Self-adhesive stabilizers are often used for knitted fabrics. Just tighten the stabilizer inside the hoop – the adhesive surface upwards – remove the protective paper and affix the fabric to be embroidered. This has the advantage that the fabric does not warp when stretched. The disadvantage here is that the needle has to penetrate the adhesive layer again and again, so that contaminants can remain on the needle and in the machine – however, there have recently been special ” Anti-Glue needles ” for this purpose.
Self-adhesive stabilizers are not necessarily the cheapest ones too. There is also the option of using spraying glue on a standard tear-off stabilizer. Spray adhesives do not stick as well as the self-adhesive stabilizer, but enough to keep jersey on the stabilizer. Here you have to take care not to spray the spray glue near the machine, otherwise it can cause damage to the machine.
Machine embroidery needles
Needles are also important in machine embroidery. There are special embroidery needles for machine embroidery (e.g. embroidery needles, metallic thread needles, anti-glue needles, leather needles, etc.), but the universal needles have also proven themselves. It is always important to change the needles in a timely manner, because if the needles are used up or slightly bent they have a considerable influence on the embroidery result.
Thread thickness and needle thickness should always match! You will find reference tables for this at most yarn manufacturers. For fine embroideries (fine, small fonts, for example) it is recommended to use a thinner needle – but then also a thinner embroidery thread. Embroidery thread is available in various strengths, the most common one being 40. Most embroidery needles and universal needles are also designed for this thread thickness.
To embroider leather requires special practice, as the leather is slightly perforated and then the whole embroidery breaks out. Now you’ve learned a little about the basic materials – now I’d like to get to the clamping of the embroidery material…and then you can get started.
Clamping is an essential part of machine embroidery, because it has a direct influence on the embroidery process later on. You will often hear the term ” drum-proof” in the embroidery language – or read machine instructions. What is meant by this should not be difficult to guess – but it is not always so easy to realize this “drum-proof”.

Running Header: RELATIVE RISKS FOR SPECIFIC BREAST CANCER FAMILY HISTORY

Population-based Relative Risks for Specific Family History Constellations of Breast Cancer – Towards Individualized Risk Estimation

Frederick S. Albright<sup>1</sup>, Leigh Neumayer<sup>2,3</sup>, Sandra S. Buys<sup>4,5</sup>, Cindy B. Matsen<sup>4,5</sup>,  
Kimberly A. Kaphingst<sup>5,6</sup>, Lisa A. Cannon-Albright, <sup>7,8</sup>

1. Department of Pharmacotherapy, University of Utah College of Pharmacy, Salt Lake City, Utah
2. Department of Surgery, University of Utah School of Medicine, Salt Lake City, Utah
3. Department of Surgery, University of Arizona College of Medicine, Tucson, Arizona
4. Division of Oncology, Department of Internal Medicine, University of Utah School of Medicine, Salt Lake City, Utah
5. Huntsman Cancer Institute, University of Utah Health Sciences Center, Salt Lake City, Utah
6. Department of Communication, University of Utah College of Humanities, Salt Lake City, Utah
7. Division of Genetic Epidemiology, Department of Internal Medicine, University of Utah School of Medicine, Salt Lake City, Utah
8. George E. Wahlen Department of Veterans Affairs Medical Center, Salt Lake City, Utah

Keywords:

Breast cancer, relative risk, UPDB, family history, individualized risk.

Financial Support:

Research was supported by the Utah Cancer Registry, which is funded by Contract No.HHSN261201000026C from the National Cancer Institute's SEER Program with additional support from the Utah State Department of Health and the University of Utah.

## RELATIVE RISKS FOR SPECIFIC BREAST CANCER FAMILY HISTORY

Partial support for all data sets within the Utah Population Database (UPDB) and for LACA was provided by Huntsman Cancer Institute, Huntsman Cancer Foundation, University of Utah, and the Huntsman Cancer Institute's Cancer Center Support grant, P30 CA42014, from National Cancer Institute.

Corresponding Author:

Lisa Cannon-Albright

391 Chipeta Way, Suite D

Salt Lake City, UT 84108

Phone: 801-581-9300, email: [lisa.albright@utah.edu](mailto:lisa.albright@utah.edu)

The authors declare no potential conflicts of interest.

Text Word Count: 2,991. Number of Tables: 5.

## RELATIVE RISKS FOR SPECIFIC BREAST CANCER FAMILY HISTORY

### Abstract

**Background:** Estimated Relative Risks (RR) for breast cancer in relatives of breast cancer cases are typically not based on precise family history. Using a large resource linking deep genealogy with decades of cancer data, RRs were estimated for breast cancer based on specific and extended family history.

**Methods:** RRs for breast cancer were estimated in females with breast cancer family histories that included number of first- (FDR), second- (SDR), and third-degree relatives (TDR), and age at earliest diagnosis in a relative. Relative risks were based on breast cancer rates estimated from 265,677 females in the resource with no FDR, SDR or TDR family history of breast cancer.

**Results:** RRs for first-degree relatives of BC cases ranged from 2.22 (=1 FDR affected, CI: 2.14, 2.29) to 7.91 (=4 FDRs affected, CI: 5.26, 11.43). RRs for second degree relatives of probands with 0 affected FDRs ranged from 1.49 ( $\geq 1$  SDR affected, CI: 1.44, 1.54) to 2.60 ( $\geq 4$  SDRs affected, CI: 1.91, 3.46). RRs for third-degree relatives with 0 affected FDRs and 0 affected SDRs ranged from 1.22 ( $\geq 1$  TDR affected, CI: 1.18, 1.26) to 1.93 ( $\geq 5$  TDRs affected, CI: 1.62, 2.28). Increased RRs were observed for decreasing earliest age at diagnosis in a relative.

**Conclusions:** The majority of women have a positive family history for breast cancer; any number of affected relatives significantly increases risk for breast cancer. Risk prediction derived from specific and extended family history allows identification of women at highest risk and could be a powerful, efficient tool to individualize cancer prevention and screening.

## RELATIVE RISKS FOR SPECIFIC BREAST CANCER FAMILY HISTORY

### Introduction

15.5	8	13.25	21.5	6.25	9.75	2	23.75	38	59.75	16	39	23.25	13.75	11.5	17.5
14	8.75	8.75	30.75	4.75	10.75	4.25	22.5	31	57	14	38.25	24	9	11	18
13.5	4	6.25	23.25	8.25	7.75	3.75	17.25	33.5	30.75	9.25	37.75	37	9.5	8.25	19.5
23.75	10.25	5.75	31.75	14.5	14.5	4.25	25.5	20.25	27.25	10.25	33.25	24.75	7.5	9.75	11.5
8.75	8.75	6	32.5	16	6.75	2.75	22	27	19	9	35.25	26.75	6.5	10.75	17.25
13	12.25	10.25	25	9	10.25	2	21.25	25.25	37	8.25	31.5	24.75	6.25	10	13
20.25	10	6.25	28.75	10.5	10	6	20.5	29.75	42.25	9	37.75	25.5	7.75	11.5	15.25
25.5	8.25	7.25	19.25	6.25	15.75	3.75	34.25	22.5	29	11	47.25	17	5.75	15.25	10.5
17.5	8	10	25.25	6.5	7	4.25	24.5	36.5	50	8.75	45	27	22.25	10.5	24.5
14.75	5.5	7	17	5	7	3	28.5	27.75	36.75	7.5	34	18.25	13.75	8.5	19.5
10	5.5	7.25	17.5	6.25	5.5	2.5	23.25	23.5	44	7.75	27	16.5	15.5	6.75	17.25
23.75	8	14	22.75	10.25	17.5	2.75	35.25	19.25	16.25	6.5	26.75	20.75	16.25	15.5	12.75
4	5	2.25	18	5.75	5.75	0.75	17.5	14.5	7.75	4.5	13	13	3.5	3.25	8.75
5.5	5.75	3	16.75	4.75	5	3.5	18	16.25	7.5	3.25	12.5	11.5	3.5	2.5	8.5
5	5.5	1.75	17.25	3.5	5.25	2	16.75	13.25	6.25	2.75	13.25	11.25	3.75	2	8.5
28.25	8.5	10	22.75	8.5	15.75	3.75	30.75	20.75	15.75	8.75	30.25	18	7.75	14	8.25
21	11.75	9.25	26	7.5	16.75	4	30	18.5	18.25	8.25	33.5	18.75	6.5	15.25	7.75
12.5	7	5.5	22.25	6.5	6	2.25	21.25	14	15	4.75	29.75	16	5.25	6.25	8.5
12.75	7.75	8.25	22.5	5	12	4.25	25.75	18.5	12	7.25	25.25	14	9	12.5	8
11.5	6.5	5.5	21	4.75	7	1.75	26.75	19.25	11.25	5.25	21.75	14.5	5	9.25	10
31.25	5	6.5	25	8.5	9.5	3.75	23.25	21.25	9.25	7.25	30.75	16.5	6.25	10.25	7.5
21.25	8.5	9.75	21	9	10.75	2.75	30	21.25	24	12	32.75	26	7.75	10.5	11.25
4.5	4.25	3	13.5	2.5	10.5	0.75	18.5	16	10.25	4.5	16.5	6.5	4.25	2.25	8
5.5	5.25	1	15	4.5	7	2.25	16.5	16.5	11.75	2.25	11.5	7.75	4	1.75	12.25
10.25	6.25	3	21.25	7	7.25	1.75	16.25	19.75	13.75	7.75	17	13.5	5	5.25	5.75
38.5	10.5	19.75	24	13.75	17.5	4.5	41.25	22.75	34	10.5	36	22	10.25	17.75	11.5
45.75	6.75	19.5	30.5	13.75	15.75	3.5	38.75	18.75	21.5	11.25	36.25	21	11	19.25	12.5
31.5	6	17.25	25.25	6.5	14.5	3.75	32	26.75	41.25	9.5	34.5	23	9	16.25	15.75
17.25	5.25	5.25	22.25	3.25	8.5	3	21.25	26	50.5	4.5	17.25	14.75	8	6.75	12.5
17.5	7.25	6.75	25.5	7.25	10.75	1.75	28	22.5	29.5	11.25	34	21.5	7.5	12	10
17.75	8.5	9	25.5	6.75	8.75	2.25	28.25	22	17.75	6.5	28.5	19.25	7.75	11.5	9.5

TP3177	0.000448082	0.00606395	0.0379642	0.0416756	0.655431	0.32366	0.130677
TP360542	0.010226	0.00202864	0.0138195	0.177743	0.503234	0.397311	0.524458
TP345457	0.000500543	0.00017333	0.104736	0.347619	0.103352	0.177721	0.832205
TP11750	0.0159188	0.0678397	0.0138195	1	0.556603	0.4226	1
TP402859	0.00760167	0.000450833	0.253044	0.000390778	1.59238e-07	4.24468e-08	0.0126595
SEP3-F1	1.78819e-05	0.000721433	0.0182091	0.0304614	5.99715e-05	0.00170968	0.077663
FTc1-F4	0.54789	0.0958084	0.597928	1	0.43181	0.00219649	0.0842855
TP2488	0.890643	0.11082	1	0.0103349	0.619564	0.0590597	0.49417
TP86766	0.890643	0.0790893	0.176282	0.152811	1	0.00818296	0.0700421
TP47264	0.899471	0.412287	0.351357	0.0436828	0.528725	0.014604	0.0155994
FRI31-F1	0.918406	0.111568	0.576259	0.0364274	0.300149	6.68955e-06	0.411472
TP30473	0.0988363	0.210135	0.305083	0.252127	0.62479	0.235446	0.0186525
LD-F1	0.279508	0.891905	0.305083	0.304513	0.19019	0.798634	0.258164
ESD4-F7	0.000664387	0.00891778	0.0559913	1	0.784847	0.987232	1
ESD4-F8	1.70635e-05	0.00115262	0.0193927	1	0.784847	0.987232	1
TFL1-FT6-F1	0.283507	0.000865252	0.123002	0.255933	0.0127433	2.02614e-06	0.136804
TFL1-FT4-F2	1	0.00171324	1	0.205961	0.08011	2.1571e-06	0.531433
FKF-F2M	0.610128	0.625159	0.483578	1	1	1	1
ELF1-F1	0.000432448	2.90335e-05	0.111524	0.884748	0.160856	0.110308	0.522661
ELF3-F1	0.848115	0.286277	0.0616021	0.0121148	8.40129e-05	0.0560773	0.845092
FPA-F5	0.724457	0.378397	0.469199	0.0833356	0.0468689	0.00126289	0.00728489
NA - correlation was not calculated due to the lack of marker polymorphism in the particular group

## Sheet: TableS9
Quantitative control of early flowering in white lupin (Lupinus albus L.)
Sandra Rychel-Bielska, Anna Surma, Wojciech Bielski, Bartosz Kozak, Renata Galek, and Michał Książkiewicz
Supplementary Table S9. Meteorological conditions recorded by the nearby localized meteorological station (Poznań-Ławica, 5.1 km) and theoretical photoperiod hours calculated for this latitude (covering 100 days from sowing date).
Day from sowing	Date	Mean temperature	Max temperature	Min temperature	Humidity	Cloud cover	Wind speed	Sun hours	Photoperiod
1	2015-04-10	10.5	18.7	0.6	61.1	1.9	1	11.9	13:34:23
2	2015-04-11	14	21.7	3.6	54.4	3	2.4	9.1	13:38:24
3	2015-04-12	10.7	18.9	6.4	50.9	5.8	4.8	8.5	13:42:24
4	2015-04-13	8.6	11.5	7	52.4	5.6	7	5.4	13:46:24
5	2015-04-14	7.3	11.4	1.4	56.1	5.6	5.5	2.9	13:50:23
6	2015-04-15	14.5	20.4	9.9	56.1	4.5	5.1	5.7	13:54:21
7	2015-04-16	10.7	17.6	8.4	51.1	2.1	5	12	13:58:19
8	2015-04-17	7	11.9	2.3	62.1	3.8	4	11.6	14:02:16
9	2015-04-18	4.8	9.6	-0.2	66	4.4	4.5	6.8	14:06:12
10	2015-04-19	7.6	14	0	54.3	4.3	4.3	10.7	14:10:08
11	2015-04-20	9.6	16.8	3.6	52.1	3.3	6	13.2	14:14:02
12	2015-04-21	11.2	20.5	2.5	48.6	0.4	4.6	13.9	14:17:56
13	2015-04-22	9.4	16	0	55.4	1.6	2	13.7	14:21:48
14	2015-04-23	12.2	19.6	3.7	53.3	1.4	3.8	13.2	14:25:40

Non-elastic fabrics can be clamped quite easily. You place them on the embroidery fleece and clamp both together in the hoop. It is different with elastic fabrics. The meshes of the knitted fabric should not be stretched, but the fabric should still be stretched smoothly in the frame. Here many embroiderers work with adhesive fleece.
Terry, velvet and pile fabrics are not clamped into the frame. This would later leave unattractive frame prints that you can hardly get out of the fabric. But these fabrics can also be brought into the embroidery hoop with adhesive spraying. If you want you can work with a stitching border. With some machine types, the stitched borders are included in the embroidery files – or you look at the embroidery file creators. The basic principle with all the clamping is that the fabric should not warp or shift during the embroidery process.
…more, first tips
Sometimes it is necessary, for instance, to reinforce very fine, thin fabrics with two or even three layers of fleece in order to obtain a clean embroidery result – but this is always individually dependent.
If you have any specific questions, don’t hesitate to ask them in my Facebook group Elfenidee – Embroidery and Upcycling. There are always experts available who will be happy to help you, or you can write me directly here in the contact form and I will be happy to help you.
Even if the machines are set to a certain upper thread tension by the manufacturer, it can happen that the upper thread tension has to be readjusted for embroidering certain motifs – the general rule here is that about one third of the upper thread should be visible on the reverse side of the embroidery. These are the most important conditions you need for machine embroidery.
Of course, there are always special cases where other conditions have to be considered. If you are faced with such a problem, please ask. And now – I wish you a lot of fun embroidering with your machine.
Yours faithfully, Beate of the Elfenidee